How Climate Change Is Becoming a Deadly Part of White Nationalism
By Brian Kahn
Excerpt: This weekend’s mass shooting in El Paso, Texas, has re-opened the festering debates over gun control, immigration, and the president’s penchant for racist hate speech. But the manifesto believed to have been authored by the suspected shooter also reveals another horrific idea edging its way toward the mainstream from the primordial sludge of racist message boards.
Patrick Crusius, the 21-year-old suspect police took into custody after the shooting, is believed to have uploaded a four-page white nationalist document to the message board 8chan (it’s since been removed from the site, which itself has been forced into retreat, and we won’t be linking to it) outlining his motives for killing at least 22 people at Walmart on Saturday. Included among its racist, anti-immigrant rhetoric are ideas central to the mainstream environmental movement. “[O]ur lifestyle is destroying the environment of our country. The decimation of the environment is creating a massive burden for future generations. Corporations are heading the destruction of our environment by shamelessly overharvesting resources,” it reads.
Where Crusius’ views violently diverge is the solution to these real issues. The manifesto suggests Americans overconsumption will never stop, so the only option is “get rid of enough people” to make the American lifestyle “more sustainable.” Horrific, disgusting, and absurd, this so-called ecofascist ideology uses legitimate environmental concerns to justify racist policies and, sometimes, mass murder.
This isn’t the first time right-wing or fascist figures have pulled from environmentalism to further their cause. Some thinkers within Hitler’s National Socialist party espoused the idea that “[o]nly through a re-integration of humanity into the whole of nature can our people be made stronger,” though the relationship of the Nazis and environment is a bit more complicated than that. Racists throughout U.S. history have often misappropriated population control tied to resource protection, an idea popularized in the 18th century by Thomas Malthus. His idea that food production couldn’t keep up with exponential population growth has been debunked since, well… here we are with 7 billion humans on Earth and enough food for everyone (if it were distributed equitably, that is). Much of the discourse around overpopulation centers on developing countries and stereotypes rather than the reality that rich countries—and their richest citizens in particular—are the biggest resource consumers on Earth.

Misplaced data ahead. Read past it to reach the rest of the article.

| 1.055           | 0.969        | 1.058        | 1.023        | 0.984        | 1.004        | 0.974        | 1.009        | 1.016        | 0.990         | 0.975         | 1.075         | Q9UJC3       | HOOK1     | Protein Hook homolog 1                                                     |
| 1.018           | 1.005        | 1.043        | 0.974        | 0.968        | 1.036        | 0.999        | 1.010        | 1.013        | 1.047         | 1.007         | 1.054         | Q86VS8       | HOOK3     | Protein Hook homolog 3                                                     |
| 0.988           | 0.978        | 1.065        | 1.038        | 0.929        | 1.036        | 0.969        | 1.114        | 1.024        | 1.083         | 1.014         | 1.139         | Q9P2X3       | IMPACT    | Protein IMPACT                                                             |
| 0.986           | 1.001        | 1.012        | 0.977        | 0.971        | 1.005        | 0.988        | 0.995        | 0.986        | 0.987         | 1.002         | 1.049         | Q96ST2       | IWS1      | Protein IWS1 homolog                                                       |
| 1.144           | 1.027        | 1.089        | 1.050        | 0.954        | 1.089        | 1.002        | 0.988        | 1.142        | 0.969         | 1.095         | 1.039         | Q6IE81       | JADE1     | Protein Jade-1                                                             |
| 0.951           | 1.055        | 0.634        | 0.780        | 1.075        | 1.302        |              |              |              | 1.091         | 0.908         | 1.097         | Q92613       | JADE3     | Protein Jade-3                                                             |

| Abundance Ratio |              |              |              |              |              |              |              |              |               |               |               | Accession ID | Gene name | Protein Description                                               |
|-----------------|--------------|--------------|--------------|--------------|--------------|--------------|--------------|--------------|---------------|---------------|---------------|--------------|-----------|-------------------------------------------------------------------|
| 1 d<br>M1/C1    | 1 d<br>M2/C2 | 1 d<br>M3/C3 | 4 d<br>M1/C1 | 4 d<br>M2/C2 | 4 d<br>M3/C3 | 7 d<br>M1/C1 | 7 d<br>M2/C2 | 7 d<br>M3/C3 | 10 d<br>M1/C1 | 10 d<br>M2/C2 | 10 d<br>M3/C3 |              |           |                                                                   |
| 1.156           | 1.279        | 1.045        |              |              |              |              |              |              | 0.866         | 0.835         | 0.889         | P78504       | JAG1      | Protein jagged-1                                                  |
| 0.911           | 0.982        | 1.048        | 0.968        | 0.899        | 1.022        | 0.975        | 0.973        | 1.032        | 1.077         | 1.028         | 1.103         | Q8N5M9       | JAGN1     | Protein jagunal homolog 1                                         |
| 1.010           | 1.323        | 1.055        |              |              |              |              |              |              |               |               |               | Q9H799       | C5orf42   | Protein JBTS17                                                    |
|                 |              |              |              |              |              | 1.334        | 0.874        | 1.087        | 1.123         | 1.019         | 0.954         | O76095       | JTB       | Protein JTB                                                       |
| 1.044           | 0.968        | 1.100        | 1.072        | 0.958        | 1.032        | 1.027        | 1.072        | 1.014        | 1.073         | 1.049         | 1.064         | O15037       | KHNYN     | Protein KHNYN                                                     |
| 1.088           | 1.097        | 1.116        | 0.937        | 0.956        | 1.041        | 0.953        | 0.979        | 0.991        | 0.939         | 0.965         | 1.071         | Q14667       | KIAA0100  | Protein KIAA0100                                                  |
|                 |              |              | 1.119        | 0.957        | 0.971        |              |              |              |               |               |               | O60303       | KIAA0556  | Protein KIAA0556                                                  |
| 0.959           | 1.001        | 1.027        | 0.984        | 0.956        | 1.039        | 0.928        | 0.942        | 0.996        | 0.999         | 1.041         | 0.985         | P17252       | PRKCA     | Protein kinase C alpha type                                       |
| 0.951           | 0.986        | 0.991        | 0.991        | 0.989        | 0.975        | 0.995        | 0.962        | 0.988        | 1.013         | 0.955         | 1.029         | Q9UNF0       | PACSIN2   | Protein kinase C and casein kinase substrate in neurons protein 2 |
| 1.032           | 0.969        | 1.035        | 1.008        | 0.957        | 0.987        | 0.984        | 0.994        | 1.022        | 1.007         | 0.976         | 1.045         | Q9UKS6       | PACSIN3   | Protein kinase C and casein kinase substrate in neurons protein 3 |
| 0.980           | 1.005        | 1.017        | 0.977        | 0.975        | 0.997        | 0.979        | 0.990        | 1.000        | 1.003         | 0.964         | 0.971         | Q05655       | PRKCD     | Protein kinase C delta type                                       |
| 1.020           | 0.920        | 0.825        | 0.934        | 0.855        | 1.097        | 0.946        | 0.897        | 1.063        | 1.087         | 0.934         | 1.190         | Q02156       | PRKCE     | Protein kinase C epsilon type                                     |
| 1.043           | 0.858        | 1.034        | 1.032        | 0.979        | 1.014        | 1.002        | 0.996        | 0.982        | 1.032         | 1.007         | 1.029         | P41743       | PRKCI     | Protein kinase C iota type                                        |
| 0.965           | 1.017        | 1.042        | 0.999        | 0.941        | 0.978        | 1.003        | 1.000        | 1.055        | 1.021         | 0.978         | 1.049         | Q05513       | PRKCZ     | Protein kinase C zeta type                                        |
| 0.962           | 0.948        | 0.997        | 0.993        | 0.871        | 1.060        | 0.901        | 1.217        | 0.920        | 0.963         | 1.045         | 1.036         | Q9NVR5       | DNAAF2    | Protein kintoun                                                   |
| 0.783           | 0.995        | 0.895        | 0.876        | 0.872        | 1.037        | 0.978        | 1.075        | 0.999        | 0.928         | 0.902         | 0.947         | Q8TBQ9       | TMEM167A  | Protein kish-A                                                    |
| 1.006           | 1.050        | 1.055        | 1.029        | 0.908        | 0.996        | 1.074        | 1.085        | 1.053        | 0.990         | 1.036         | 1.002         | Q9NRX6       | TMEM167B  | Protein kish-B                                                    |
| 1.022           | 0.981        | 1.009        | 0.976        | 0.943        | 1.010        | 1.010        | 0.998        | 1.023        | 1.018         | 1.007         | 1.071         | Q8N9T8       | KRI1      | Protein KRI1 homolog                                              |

To get a handle on that as well as the origins of ideology, I spoke with Betsy Hartmann, a professor emeritus at Hampshire College (full disclosure: it’s my alma mater). Hartmann has long studied the connections between white nationalism and environmentalism, something she’s referred to as the “greening of hate.” Our conversation is below, lightly edited for clarity.
Hartmann: I would say the internet and right-wing media certainly plays a role in spreading them. But we can’t ignore how Malthusian ideas about overpopulation and the environment are taught in high schools all over the United States. They are an important part of many environmental studies curricula. There’s a deep racial undercurrent with poor people of color are presented as having too many children and destroying the environment.
[Climate Depot Note: Former Vice President Al Gore falls into this description. See: Gore in 2014: ‘Fertility management’ is needed to reduce the number of Africans to help ‘control the proliferation of unusual weather’ – Gore: ‘Depressing the rate of child mortality, educating girls, empowering women and making fertility management ubiquitously available. so women can chose how many children and the spacing of children — is crucial to the future shape of human civilization. Africa is projected to have more people than China and India by mid-century More than China and India combined by end of the century. and this is one of the causal factors that must be addressed’ – (Gore also links Typhoon Haiyan and Sandy to man-made global warming – Video of Gore here at 15 min. mark)
Earther: Why does this strain of environmentalism seem to appeal to right-wing subculture in particular?
Hartmann: The environmental movement in the U.S. has, I would say, overindulged in apocalyptic thinking for a long time. There’s that kind of apocalyptic bridge and then the nature-race-purity bridge. What’s so horrifying and shocking to me is that these manifestos are openly Malthusian environmentalist arguments. I don’t think we saw that quite as much before in the armed white nationalist movement.
Full Gizmodo article here: https://earther.gizmodo.com/how-climate-change-is-becoming-a-deadly-part-of-white-n-1837010929
"How Climate Change Is Becoming a Deadly Part of White Nationalism"
— Tom Nelson (@tan123) August 7, 2019
Climate Depot note: Other racially charged controversies continue on the environmental left.
Environmentalists accuse Leonardo DiCaprio’s new HBO climate documentary of promoting ‘white supremacy’ & a ‘white savior complex’ – DiCaprio under attack by fellow climate justice activists at The Rowan Institute: “The film does not highlight the leadership or scholarship of a single Black, Indigenous, or other women of color despite the fact that such women of color are leading the global frontlines of climate justice movements.” “The recent release of the film ‘Ice on Fire’ demonstrates that white supremacy and western colonialism continues to dominate the mainstream environmental movement’s narratives and framing of climate solutions.”